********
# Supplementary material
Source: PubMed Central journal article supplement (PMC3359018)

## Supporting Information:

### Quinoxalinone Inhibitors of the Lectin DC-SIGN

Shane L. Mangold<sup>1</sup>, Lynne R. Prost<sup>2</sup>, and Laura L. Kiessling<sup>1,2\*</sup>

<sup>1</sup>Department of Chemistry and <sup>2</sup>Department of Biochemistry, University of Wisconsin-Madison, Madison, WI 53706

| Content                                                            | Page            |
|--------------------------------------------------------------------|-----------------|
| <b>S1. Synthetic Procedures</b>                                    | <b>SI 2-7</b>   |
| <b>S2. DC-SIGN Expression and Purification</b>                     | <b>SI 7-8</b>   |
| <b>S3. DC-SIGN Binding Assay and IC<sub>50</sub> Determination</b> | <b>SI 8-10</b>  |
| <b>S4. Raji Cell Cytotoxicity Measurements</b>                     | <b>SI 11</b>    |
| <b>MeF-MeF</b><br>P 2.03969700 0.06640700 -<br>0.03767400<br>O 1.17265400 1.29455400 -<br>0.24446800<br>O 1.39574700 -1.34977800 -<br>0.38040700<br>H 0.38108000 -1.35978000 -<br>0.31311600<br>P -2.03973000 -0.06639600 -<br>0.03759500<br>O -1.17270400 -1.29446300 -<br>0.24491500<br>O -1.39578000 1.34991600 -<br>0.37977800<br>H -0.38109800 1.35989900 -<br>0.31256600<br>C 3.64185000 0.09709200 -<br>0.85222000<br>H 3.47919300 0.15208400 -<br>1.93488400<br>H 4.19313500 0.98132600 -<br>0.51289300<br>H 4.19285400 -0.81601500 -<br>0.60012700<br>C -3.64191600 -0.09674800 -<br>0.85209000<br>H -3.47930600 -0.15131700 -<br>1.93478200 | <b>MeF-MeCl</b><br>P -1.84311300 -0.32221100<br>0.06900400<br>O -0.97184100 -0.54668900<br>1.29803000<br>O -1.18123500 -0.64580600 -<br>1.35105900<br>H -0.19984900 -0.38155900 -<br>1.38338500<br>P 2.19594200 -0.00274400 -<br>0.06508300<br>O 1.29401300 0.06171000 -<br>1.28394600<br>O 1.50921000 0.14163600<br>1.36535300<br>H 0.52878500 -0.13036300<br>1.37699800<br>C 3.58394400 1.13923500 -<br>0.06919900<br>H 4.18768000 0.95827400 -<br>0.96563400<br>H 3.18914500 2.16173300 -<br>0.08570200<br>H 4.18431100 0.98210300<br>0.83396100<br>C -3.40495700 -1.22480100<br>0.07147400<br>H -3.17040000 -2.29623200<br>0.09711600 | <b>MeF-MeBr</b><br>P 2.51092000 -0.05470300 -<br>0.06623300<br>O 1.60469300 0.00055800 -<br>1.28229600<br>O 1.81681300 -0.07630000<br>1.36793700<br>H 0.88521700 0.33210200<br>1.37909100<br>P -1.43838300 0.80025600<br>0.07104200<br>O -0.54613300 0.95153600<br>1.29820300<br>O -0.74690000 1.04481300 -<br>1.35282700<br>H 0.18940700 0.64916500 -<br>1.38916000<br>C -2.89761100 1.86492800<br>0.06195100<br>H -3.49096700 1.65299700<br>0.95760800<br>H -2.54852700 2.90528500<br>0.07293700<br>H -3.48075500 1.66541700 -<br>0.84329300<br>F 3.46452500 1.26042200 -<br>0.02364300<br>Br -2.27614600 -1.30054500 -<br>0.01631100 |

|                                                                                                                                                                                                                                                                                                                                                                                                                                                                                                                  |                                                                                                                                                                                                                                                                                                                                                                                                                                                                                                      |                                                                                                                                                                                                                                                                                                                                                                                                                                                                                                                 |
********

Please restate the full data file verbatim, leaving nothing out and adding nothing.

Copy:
# Supplementary material
Source: PubMed Central journal article supplement (PMC3359018)

## Supporting Information:

### Quinoxalinone Inhibitors of the Lectin DC-SIGN

Shane L. Mangold<sup>1</sup>, Lynne R. Prost<sup>2</sup>, and Laura L. Kiessling<sup>1,2\*</sup>

<sup>1</sup>Department of Chemistry and <sup>2</sup>Department of Biochemistry, University of Wisconsin-Madison, Madison, WI 53706

| Content                                                            | Page            |
|--------------------------------------------------------------------|-----------------|
| <b>S1. Synthetic Procedures</b>                                    | <b>SI 2-7</b>   |
| <b>S2. DC-SIGN Expression and Purification</b>                     | <b>SI 7-8</b>   |
| <b>S3. DC-SIGN Binding Assay and IC<sub>50</sub> Determination</b> | <b>SI 8-10</b>  |
| <b>S4. Raji Cell Cytotoxicity Measurements</b>                     | <b>SI 11</b>    |
| <b>MeF-MeF</b><br>P 2.03969700 0.06640700 -<br>0.03767400<br>O 1.17265400 1.29455400 -<br>0.24446800<br>O 1.39574700 -1.34977800 -<br>0.38040700<br>H 0.38108000 -1.35978000 -<br>0.31311600<br>P -2.03973000 -0.06639600 -<br>0.03759500<br>O -1.17270400 -1.29446300 -<br>0.24491500<br>O -1.39578000 1.34991600 -<br>0.37977800<br>H -0.38109800 1.35989900 -<br>0.31256600<br>C 3.64185000 0.09709200 -<br>0.85222000<br>H 3.47919300 0.15208400 -<br>1.93488400<br>H 4.19313500 0.98132600 -<br>0.51289300<br>H 4.19285400 -0.81601500 -<br>0.60012700<br>C -3.64191600 -0.09674800 -<br>0.85209000<br>H -3.47930600 -0.15131700 -<br>1.93478200 | <b>MeF-MeCl</b><br>P -1.84311300 -0.32221100<br>0.06900400<br>O -0.97184100 -0.54668900<br>1.29803000<br>O -1.18123500 -0.64580600 -<br>1.35105900<br>H -0.19984900 -0.38155900 -<br>1.38338500<br>P 2.19594200 -0.00274400 -<br>0.06508300<br>O 1.29401300 0.06171000 -<br>1.28394600<br>O 1.50921000 0.14163600<br>1.36535300<br>H 0.52878500 -0.13036300<br>1.37699800<br>C 3.58394400 1.13923500 -<br>0.06919900<br>H 4.18768000 0.95827400 -<br>0.96563400<br>H 3.18914500 2.16173300 -<br>0.08570200<br>H 4.18431100 0.98210300<br>0.83396100<br>C -3.40495700 -1.22480100<br>0.07147400<br>H -3.17040000 -2.29623200<br>0.09711600 | <b>MeF-MeBr</b><br>P 2.51092000 -0.05470300 -<br>0.06623300<br>O 1.60469300 0.00055800 -<br>1.28229600<br>O 1.81681300 -0.07630000<br>1.36793700<br>H 0.88521700 0.33210200<br>1.37909100<br>P -1.43838300 0.80025600<br>0.07104200<br>O -0.54613300 0.95153600<br>1.29820300<br>O -0.74690000 1.04481300 -<br>1.35282700<br>H 0.18940700 0.64916500 -<br>1.38916000<br>C -2.89761100 1.86492800<br>0.06195100<br>H -3.49096700 1.65299700<br>0.95760800<br>H -2.54852700 2.90528500<br>0.07293700<br>H -3.48075500 1.66541700 -<br>0.84329300<br>F 3.46452500 1.26042200 -<br>0.02364300<br>Br -2.27614600 -1.30054500 -<br>0.01631100 |

|                                                                                                                                                                                                                                                                                                                                                                                                                                                                                                                  |                                                                                                                                                                                                                                                                                                                                                                                                                                                                                                      |                                                                                                                                                                                                                                                                                                                                                                                                                                                                                                                 |